This ensured that the HR team adopted a ‘test and learn’ approach. This ensured the team was not driven simply by external fads and buzz words or internal gut feel opinions. They generated data to prove what was working and not working for the Vistaprint context. This approach also helped them generate the buy-in needed for many people programs.

You don’t even need to work in an Agile organisation to be Agile in HR and can realise the benefits very quickly by applying a few basics steps in your everyday work. All of this means Agile HR is a mindset and is more than just post-it notes, Scrum boards and a few stand-ups. It is about truly stepping out of the tradition of following HR best practice and embracing a test and learn approach to deliver value. Value that is validated by our people and their experience of work.

That’s it for this edition of the Agile OWL and we hope you found the series exploring the agile transformation at Vistaprint useful. We captured how they first built trust to be Agile, how decision making was re-engineered, how limiting work-in-progress was critical to morale and productivity, and most importantly – how important being able to say NO is for teams to move from good to great teams.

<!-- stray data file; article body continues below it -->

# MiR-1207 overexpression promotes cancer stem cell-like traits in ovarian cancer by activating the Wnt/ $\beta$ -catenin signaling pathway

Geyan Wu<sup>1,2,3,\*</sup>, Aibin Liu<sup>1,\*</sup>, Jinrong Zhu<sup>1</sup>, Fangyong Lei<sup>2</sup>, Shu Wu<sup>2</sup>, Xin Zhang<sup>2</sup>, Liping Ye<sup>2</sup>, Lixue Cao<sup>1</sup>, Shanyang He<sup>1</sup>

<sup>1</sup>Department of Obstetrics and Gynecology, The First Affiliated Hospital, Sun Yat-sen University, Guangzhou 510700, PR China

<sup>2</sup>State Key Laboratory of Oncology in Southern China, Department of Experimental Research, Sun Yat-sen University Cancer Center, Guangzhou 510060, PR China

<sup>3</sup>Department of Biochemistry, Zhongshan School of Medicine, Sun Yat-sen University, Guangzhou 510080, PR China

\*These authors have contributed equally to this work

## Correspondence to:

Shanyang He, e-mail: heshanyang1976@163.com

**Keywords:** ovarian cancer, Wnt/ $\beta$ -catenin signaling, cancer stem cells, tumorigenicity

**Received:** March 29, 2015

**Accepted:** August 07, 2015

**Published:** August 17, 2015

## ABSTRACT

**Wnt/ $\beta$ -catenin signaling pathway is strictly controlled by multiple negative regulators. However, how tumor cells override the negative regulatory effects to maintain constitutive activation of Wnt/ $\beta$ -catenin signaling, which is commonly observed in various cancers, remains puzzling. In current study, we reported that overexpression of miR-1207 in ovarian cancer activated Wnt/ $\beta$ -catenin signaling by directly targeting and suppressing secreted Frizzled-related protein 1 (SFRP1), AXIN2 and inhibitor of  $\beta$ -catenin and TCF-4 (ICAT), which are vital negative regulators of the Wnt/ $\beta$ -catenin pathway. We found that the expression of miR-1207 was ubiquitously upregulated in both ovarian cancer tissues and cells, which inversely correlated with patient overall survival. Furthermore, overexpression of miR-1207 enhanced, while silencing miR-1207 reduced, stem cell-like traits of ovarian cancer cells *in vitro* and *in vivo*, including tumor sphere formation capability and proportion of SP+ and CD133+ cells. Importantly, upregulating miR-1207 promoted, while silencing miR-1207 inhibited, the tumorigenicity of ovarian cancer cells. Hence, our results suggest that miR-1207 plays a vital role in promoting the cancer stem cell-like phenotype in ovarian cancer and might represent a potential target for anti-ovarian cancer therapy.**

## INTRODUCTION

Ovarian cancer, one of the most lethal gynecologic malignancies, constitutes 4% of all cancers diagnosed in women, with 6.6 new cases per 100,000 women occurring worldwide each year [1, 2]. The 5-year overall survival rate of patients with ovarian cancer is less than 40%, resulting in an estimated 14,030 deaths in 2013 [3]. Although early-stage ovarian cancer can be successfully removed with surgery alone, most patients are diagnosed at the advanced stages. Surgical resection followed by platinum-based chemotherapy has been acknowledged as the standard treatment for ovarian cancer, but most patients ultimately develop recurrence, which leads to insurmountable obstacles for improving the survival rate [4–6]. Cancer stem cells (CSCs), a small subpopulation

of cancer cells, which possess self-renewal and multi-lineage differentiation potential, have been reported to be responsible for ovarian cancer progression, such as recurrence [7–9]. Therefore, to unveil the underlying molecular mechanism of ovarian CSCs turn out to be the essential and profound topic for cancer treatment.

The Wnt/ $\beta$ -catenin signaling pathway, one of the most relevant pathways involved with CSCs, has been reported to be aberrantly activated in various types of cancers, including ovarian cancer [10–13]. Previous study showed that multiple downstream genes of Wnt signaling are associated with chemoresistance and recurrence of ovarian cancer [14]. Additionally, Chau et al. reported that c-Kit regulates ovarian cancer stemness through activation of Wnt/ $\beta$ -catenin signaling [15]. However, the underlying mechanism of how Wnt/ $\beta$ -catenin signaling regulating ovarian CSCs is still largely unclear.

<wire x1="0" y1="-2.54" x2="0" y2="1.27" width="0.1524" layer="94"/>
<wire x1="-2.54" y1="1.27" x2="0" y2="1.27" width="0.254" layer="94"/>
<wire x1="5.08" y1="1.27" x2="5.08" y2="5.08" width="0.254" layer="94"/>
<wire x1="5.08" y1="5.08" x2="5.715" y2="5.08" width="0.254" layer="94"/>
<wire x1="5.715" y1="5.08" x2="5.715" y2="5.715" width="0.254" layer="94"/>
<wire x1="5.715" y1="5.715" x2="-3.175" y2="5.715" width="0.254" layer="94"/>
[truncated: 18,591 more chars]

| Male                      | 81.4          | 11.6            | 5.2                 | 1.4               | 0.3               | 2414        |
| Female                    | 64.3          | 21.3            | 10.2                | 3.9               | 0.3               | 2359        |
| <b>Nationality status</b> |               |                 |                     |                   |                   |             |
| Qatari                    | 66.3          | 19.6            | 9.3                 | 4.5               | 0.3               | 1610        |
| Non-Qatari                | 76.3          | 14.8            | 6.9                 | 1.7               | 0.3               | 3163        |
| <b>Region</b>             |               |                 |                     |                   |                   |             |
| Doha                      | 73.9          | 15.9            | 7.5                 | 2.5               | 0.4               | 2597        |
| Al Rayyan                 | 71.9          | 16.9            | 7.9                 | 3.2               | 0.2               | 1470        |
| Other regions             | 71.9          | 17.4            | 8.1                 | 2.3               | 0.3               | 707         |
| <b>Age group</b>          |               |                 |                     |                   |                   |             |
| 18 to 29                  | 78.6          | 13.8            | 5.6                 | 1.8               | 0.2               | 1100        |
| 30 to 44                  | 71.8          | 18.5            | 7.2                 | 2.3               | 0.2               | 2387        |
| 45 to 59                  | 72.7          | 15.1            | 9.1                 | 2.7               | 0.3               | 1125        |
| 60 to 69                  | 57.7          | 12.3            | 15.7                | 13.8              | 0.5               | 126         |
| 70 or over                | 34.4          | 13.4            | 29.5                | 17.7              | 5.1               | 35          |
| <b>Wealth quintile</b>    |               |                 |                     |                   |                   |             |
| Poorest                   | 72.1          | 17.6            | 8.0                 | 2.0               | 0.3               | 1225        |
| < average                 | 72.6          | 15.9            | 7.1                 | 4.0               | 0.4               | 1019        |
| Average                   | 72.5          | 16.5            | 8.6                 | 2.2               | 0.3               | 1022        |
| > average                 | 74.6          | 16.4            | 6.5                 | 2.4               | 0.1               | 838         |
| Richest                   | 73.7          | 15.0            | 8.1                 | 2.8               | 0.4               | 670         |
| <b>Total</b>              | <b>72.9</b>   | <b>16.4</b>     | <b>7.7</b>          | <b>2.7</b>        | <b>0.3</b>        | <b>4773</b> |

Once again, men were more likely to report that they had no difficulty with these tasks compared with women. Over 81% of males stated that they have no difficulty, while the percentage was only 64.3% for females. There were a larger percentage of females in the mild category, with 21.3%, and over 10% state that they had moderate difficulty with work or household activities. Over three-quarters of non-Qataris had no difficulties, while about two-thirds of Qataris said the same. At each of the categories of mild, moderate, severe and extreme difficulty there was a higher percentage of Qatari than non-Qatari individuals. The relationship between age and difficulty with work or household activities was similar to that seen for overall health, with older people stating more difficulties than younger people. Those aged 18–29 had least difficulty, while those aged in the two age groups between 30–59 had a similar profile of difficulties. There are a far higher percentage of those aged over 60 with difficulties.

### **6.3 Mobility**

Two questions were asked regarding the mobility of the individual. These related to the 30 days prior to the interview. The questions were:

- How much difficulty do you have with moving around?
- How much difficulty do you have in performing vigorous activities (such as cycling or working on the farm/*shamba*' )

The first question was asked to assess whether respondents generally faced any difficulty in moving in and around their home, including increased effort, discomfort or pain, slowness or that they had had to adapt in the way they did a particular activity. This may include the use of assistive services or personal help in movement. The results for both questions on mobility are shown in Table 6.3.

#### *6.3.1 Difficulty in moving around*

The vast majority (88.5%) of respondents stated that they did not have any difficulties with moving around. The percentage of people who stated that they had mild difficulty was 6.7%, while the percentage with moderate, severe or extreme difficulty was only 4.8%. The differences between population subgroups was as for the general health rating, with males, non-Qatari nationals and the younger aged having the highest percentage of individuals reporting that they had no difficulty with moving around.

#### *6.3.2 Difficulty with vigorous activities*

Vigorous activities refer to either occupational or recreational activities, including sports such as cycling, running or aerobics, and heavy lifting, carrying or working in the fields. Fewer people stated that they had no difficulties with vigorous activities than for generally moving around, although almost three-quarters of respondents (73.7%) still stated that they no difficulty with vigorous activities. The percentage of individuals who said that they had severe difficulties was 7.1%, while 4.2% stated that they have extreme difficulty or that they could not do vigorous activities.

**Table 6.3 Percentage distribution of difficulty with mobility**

Apart from one story which captures the human centric change in the world of Agile, the Agile OWL brings to you every fortnight, the latest reads, books, personalities, and quote from the world of Agile and its methodologies. Stuff that caught our attention. This is edition 38 and we carry seven useful links for you. Tell us what you thought of them

Agile OWL

From social media:

  • This is a must-read piece by Stephan Wolfers on how an often-used Agile metric – Velocity should not be confused with the team’s commitment. “An estimate is just a side effect of the ensuing conversation. The refinement’s purpose is to create a shared understanding among the team members on the why, the what and the how. Read more here.
  • Product managers across industries have to say no to a lot of requests and ideas. It is never easy and understanding the context becomes critical. This post captures common requests and the questions that can help one uncover and understand the context more. Worth exploring here.

From the Agile world:

From the bookshelf:

From the tool box:

#AgileQuotes to sign off:

Note : This post is Edition 38 of the Agile OWL from the OWL  umbrella. The Agile OWL is a newsletter focused on the human experiences and stories within agile transformations. Sign up to receive the newsletter here